Eugene Robinson / Syndicated columnist
You have the right to remain a target of racial profiling
This just in: Driving while black is still unsafe at any speed, even zero miles per hour. The same goes for driving while brown.
WASHINGTON — This just in: Driving while black is still unsafe at any speed, even zero miles per hour. The same goes for driving while brown.
The federal Bureau of Justice Statistics released a report Sunday showing that white, African-American and Hispanic drivers are equally likely to be pulled over by police for an alleged traffic offense. In 2005, the year covered by the study, black drivers were actually less likely — by a tiny margin — to be stopped by police than drivers belonging to the other groups. You might be tempted to conclude that the constitutional imperative of equal protection had finally been extended to America's streets and highways.
But you would be wrong. The study reports that African-American and Hispanic drivers who are stopped by police are more than twice as likely as whites to be subjected to a search. Specifically, police searched only 3.6 percent of white drivers pulled over in a traffic stop, while they searched 9.5 percent of African-Americans who obeyed the flashing lights and 8.8 percent of Hispanics.
The report says the "apparent disparities" between racial groups "do not constitute proof that police treat people differently along demographic lines," since there could be "countless other factors and circumstances" that go into the decision of whom to spread-eagle on the hood.
All right, those figures alone might not constitute "proof" of bias that would convince a jury beyond a reasonable doubt. They are pretty compelling, though, especially when you also consider that black and Hispanic drivers are much more likely to experience "police use of force" than whites.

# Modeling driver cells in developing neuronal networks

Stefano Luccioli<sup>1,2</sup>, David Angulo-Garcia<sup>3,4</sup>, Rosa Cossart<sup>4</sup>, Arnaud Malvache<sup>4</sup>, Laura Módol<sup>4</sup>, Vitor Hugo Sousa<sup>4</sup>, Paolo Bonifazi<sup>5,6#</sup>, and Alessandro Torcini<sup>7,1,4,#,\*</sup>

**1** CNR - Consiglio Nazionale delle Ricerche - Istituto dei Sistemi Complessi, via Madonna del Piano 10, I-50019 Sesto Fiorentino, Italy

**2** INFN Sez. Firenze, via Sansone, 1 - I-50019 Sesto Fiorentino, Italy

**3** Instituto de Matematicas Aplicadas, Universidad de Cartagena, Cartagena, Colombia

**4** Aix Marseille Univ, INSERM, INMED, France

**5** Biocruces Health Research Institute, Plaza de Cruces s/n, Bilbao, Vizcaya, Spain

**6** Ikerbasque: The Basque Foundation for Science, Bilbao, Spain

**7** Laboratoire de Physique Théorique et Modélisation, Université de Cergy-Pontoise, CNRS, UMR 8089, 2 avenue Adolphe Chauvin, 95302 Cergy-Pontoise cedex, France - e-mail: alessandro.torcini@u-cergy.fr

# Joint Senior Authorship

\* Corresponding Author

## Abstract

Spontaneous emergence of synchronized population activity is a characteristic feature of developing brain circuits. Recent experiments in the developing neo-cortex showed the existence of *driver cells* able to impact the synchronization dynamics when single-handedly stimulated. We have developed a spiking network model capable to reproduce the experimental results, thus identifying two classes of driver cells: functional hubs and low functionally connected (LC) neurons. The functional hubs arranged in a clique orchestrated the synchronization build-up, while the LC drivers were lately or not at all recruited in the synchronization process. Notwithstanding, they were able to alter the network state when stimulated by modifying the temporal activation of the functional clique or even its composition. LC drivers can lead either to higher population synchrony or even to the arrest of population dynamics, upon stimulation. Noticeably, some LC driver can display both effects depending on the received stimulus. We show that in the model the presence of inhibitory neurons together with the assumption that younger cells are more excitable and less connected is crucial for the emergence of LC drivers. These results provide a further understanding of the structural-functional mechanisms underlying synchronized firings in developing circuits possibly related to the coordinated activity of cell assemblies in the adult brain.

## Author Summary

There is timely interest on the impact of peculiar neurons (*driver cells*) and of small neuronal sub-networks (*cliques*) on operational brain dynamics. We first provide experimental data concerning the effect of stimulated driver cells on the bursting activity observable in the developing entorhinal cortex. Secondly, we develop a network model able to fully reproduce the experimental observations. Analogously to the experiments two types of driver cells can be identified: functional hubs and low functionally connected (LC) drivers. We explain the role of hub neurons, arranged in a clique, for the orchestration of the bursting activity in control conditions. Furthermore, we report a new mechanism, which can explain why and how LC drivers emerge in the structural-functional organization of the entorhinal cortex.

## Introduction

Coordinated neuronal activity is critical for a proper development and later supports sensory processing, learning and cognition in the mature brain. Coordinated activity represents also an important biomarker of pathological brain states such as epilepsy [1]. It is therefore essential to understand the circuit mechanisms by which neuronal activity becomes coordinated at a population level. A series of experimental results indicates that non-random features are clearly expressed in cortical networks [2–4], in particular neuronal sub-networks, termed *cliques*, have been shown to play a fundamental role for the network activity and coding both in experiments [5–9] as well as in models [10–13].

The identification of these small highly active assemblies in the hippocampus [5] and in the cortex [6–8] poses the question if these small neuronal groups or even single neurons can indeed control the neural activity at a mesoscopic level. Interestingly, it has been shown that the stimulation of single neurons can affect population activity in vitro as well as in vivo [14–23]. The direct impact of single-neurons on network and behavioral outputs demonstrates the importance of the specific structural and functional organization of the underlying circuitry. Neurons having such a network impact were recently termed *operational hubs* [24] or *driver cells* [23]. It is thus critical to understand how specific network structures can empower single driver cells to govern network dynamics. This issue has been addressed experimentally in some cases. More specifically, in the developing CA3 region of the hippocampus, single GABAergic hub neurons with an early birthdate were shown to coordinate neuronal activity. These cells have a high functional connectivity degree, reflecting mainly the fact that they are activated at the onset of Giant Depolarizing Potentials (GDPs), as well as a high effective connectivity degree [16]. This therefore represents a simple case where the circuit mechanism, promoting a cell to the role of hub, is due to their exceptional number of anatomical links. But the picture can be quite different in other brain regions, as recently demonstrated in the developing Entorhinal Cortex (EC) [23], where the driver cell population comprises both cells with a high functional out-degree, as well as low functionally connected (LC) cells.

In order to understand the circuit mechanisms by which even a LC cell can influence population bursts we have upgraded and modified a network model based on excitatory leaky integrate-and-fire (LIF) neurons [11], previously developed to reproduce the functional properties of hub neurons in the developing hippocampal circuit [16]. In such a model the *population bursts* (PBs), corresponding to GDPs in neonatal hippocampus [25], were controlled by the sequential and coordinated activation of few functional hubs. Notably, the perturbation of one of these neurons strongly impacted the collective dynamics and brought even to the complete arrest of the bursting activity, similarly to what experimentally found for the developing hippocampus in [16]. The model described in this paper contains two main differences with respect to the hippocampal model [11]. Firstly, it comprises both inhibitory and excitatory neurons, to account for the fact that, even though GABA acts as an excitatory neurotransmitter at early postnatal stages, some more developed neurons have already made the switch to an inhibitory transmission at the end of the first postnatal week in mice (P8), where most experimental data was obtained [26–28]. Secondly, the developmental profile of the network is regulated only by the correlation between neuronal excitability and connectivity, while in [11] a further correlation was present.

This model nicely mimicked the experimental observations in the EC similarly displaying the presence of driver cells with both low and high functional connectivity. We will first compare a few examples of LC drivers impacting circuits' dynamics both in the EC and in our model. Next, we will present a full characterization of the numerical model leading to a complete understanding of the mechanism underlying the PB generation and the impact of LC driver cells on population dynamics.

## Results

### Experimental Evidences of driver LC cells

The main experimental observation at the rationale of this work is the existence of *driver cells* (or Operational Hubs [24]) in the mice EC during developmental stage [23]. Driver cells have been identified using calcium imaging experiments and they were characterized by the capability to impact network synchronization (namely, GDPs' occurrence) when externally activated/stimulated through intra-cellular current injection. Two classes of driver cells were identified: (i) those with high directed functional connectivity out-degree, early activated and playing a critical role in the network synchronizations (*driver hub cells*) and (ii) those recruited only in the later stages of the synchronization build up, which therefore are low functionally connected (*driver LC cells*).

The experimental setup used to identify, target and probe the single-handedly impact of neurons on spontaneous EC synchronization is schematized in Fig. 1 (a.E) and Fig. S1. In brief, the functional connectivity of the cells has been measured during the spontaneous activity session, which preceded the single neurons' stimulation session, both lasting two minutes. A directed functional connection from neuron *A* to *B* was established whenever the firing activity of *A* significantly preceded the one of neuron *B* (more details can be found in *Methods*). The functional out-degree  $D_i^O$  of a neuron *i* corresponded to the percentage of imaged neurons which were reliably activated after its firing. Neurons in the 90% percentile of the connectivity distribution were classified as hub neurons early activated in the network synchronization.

And besides, the following paragraph in the report pretty effectively demolishes that "move along, folks, nothing to see here" disclaimer about bias:
"Police actions taken during a traffic stop were not uniform across racial and ethnic categories. Black drivers (4.5 percent) were twice as likely as white drivers (2.1 percent) to be arrested during a traffic stop, while Hispanic drivers (65 percent) were more likely than white (56.2 percent) or black (55.8 percent) drivers to receive a ticket.
In addition, whites (9.7 percent) were more likely than Hispanics (5.9 percent) to receive a written warning, while whites (18.6 percent) were more likely than blacks (13.7 percent) to be verbally warned by police."
African Americans have been putting up with the "driving while black" thing for so long that we've become somewhat cynical. For example, nearly three-quarters of whites and Hispanics who were pulled over for allegedly running a red light or a stop sign were willing to concede that they had been caught dead to rights, while nearly half of African Americans in that situation believed they had committed no infraction. About 90 percent of white drivers detained for some sort of vehicle defect, such as a busted taillight, thought the stop was legitimate, as opposed to 67 percent of black drivers.
Think that's just paranoia? Then try to reconcile the counterintuitive fact that while blacks are much more likely than whites to be arrested in a traffic stop, they are also more likely to be released with no enforcement action, not even a warning. This looks to me like powerful evidence that racial profiling is alive and well. It suggests there was no good reason to stop those people.
"About one in 10 searches during a traffic stop uncovered evidence of a possible crime," the report says. What could be wrong with that? Isn't that what police should be doing — enforcing the nation's laws, capturing criminals, making law-abiding Americans that much safer?
Of course that's what we pay our police officers to do, but not selectively. Whites, too, drive around with drugs, illegal weapons, open containers of alcohol or other contraband in their cars. The numbers in the report suggest that if white drivers stopped by police were searched at the same rate as blacks or Hispanics, police would uncover evidence of tens of thousands of additional crimes each year, doubtless putting thousands of dangerous people behind bars.
But, of course, we don't want a society in which everybody is being patted down by police officers all the time. We don't want a society in which people have to stand by the side of the road, fuming, while police arbitrarily rummage through the stuff in their cars — shopping bags, children's toys, McDonald's wrappers — on the off chance of finding something illegal.
If you're black or brown, though, may I see your license and registration, please?
Eugene Robinson's column appears regularly on editorial pages of The Times. His e-mail address is firstname.lastname@example.org